Although all universities, with perhaps the notable exception of its two wealthiest outliers – Oxford and Cambridge - face a significant funding crisis in the wake of Covid-19, universities are differently exposed. The predictions for the sector are dire. The Office forBudget Responsibility estimated that education will be the sector hit hardest by the virus, predicting an up to 90% springtime reduction in output compared to 35% for the economy overall.[20] Grouping universities by impact is not entirely straightforward. Firstly, there’s the fug of league tables and reputations to contend with. Rather than following the self-declared designation of the Russell Group as the leading research universities, Vikki Boliver proposes a set of four distinct “clusters” of higher education institutions. The first identifiable group is Oxford and Cambridge, together having assets over £3billion, more than the £2billion of all other universities in the UK combined. The second cluster is a mixture of the remaining 22 Russell Group universities and 17 additional pre-92universities. The third is a larger group of the 13 remaining pre-92 universities and 54 new, post-92 universities. The final group contains 19 new universities.[21] Boliver reminds us that this fourth cluster is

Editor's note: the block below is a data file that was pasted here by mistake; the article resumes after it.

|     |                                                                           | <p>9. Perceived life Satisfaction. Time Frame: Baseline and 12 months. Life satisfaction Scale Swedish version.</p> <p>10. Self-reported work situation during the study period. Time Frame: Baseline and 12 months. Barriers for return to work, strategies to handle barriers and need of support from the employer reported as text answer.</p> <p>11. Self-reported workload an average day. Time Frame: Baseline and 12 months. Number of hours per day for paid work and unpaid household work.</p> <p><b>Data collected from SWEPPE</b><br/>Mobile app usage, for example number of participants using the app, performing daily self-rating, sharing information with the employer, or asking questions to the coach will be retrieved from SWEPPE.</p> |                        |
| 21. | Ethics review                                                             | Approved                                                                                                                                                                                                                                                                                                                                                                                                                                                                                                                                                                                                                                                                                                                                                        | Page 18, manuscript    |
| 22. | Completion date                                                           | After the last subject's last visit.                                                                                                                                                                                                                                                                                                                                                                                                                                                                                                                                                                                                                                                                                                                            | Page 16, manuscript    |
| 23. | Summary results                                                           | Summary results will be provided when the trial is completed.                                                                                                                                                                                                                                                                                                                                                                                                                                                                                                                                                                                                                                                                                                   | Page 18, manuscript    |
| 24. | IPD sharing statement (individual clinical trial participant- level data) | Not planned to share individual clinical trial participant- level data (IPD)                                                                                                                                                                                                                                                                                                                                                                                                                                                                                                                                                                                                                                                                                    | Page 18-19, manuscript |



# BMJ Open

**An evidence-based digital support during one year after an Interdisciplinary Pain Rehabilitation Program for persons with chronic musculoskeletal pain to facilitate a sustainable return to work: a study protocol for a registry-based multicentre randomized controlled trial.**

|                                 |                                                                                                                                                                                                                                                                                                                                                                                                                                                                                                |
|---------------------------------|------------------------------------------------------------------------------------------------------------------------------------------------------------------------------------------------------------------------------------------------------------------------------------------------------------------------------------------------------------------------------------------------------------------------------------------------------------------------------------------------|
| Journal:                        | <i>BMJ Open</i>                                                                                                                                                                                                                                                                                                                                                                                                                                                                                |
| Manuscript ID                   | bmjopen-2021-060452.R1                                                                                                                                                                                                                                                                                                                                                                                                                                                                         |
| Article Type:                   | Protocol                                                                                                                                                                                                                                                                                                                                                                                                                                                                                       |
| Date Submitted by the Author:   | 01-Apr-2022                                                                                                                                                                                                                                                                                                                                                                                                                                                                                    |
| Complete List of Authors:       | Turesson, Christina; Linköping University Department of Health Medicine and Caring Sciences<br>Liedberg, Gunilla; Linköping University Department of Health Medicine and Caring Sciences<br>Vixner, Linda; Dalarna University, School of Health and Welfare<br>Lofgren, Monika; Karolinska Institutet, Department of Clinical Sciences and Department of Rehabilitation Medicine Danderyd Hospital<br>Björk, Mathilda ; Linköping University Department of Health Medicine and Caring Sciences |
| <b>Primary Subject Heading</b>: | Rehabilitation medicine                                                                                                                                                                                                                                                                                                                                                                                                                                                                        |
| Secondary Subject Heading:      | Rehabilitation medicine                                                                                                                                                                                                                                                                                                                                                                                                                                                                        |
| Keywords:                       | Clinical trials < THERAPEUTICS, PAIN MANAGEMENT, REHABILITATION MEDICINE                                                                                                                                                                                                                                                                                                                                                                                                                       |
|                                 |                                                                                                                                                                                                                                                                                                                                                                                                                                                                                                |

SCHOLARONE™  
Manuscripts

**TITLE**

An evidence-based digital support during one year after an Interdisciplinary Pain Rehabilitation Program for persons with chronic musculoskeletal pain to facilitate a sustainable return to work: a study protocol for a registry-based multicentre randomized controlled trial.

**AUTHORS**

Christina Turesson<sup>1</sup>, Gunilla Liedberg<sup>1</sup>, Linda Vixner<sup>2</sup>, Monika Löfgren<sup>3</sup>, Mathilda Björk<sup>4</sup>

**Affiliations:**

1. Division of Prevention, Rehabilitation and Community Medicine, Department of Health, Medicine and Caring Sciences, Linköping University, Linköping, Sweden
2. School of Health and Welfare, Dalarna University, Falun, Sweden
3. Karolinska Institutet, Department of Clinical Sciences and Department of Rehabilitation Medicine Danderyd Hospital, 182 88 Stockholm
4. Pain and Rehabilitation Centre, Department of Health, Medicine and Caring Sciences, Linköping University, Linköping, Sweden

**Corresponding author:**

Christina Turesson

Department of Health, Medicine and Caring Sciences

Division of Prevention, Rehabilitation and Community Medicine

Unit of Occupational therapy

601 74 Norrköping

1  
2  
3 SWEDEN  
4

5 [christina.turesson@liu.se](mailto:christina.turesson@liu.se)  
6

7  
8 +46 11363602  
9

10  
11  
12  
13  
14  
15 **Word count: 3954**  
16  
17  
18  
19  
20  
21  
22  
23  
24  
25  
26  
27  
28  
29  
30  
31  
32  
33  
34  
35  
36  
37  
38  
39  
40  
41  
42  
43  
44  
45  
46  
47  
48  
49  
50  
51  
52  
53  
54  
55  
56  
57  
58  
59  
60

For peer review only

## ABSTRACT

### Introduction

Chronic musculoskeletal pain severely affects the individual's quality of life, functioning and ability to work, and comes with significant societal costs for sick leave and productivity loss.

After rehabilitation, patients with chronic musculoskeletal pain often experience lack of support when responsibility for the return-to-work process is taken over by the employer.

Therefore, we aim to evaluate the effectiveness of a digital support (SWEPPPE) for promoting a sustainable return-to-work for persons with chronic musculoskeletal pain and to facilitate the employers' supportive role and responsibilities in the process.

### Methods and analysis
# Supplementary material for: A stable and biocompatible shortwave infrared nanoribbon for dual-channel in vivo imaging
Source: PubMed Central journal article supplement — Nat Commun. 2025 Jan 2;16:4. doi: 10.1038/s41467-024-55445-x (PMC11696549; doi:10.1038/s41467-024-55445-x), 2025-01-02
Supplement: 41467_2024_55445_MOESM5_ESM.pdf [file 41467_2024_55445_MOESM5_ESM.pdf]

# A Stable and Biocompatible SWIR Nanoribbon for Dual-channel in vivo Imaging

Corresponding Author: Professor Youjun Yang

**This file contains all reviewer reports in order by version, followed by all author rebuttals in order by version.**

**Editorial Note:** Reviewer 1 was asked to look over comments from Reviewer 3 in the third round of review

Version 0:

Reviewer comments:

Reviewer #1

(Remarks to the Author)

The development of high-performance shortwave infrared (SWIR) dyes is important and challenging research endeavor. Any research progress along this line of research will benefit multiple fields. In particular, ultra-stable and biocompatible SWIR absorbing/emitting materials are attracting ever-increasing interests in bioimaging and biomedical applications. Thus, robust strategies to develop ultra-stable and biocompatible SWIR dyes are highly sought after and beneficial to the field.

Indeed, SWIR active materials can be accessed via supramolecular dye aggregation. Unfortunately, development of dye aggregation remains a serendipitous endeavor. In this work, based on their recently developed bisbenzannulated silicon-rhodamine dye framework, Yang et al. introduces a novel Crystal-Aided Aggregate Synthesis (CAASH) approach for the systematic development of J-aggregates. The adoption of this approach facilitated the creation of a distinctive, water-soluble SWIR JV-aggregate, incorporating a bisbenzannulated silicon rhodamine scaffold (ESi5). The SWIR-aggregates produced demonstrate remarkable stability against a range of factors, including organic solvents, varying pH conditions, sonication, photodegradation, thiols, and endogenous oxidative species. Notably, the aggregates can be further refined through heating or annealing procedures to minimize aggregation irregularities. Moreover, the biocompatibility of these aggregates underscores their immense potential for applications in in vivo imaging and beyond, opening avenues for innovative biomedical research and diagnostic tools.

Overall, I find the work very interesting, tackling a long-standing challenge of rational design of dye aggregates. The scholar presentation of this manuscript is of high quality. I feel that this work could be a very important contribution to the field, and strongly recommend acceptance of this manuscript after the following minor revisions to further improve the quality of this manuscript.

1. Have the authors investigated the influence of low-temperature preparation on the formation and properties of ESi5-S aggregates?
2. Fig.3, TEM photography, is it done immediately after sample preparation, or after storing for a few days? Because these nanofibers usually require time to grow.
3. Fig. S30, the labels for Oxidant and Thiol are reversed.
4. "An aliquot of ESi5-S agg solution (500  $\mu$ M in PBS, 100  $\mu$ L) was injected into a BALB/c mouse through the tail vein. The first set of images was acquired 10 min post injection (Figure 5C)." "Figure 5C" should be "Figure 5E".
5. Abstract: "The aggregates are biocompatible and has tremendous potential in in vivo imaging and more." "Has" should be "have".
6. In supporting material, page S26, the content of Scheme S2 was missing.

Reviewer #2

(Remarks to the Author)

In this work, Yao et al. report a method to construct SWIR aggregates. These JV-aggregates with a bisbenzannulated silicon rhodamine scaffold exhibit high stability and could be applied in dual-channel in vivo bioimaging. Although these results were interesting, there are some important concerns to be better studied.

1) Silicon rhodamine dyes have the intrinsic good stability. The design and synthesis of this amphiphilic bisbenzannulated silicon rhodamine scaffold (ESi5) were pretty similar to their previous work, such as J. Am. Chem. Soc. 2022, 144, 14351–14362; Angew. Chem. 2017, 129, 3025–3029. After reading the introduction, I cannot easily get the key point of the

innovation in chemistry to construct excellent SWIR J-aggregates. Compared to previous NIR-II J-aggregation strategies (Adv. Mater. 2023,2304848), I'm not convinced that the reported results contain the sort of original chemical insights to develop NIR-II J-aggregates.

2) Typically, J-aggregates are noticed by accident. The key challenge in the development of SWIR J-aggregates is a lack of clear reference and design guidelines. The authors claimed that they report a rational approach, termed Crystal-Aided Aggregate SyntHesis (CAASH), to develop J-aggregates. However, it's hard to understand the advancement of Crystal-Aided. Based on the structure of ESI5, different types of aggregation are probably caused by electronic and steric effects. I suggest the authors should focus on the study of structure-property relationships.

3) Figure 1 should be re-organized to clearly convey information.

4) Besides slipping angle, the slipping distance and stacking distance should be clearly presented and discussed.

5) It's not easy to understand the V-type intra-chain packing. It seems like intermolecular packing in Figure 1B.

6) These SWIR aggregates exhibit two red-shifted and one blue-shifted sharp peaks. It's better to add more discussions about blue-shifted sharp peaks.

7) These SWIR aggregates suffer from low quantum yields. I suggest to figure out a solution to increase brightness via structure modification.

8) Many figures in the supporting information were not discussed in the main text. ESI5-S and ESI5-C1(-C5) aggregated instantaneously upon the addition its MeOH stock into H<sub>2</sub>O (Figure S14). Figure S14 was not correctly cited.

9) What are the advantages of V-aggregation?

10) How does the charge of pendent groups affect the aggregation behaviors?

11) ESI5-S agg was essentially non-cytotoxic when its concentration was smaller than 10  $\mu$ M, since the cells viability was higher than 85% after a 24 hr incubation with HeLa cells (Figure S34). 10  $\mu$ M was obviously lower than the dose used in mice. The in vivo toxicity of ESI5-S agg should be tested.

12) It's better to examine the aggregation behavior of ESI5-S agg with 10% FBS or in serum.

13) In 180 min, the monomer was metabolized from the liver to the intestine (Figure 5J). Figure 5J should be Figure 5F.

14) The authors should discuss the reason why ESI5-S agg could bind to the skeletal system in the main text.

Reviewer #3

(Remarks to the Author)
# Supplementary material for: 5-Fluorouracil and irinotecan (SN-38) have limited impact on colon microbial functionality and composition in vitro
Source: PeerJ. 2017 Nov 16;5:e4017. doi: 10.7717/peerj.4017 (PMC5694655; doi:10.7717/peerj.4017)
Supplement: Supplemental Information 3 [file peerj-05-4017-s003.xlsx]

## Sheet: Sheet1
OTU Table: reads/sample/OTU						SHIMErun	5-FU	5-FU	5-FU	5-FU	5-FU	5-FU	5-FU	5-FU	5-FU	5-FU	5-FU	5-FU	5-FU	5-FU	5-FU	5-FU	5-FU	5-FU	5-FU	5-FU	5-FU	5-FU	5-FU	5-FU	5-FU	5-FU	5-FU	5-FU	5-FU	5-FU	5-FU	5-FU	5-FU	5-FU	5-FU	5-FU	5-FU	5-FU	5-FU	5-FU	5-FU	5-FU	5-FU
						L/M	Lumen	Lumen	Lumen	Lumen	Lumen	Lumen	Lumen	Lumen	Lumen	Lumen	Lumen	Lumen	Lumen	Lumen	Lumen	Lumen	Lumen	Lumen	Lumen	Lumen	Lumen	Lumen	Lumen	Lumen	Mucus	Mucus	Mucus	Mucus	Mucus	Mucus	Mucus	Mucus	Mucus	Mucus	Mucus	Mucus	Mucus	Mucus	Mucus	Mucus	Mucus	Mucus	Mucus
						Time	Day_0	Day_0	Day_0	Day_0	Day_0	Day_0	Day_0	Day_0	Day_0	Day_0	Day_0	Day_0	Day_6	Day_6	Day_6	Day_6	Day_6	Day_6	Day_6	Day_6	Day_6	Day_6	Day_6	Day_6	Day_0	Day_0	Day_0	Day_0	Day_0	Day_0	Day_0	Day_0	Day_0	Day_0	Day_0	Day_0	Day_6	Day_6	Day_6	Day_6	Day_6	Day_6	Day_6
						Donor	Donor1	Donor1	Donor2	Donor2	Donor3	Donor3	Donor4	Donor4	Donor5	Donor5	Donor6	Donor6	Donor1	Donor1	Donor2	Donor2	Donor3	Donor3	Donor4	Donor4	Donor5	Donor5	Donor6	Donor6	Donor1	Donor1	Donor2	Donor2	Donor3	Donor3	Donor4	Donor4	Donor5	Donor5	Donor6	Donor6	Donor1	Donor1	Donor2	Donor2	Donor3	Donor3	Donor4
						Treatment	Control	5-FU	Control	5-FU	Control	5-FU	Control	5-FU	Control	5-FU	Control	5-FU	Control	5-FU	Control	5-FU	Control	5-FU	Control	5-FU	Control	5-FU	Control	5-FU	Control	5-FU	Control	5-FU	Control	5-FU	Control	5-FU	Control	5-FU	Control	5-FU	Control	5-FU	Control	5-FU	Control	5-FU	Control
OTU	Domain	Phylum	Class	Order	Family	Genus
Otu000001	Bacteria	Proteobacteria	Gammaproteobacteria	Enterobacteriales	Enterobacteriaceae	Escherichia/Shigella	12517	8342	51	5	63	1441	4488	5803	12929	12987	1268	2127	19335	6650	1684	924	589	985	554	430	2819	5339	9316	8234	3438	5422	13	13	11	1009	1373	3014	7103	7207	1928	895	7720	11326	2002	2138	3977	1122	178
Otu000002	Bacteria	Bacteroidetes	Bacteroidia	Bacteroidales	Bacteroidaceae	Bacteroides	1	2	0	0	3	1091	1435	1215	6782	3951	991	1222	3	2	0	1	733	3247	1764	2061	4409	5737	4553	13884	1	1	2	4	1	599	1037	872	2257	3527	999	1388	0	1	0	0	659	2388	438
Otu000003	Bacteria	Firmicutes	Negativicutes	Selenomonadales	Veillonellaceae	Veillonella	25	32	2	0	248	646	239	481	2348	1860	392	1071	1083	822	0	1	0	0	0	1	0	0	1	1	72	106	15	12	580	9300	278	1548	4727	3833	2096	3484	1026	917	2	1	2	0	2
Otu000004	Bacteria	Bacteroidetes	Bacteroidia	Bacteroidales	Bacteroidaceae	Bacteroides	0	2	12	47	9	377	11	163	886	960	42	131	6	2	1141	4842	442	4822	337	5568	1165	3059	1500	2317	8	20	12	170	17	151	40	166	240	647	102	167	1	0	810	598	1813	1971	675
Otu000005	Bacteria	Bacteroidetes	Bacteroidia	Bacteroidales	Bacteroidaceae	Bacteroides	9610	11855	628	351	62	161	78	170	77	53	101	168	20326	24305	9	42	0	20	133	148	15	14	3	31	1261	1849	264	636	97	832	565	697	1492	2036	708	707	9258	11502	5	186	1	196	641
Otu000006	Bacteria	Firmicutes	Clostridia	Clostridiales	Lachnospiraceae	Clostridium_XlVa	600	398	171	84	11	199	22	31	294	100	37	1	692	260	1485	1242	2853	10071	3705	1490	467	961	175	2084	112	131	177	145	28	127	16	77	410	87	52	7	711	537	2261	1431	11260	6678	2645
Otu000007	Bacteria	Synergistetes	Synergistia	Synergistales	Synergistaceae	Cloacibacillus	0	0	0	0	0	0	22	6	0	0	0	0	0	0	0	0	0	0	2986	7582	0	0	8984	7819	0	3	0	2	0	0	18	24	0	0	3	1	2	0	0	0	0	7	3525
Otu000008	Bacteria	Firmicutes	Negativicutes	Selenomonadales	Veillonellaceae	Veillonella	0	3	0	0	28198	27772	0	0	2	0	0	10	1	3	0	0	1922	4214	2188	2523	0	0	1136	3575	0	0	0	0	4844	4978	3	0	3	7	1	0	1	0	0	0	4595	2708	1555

“far less well-resourced than all other universities, and the student populations they serve are much less academically successful and much less socioeconomically advantaged. As such, it is these universities whose continued existence is most imperilled by the growing privatisation and marketisation of the UK higher education system.”

As post-2010 competition for student places grew, higher and middle-ranking universities crowded out the market, taking on more and more students, leaving lower-ranking institutions vulnerable to department closures and restructures. In January of this year, for example, the University ofSunderland ended its modern foreign language, history and politics degrees. The previous year, they had been unable to recruit any students to the languages programme and a mere 14 history students.[22] By contrast, UCL’s History Department increased its total number of undergraduate students from 347 in the year 2010/11 to 631 in the year2019/20. If competition for UK-domiciled undergraduate students is not sufficiently curbed by the Government, and without additional support, universities towards the bottom of these four clusters will be in very serious danger.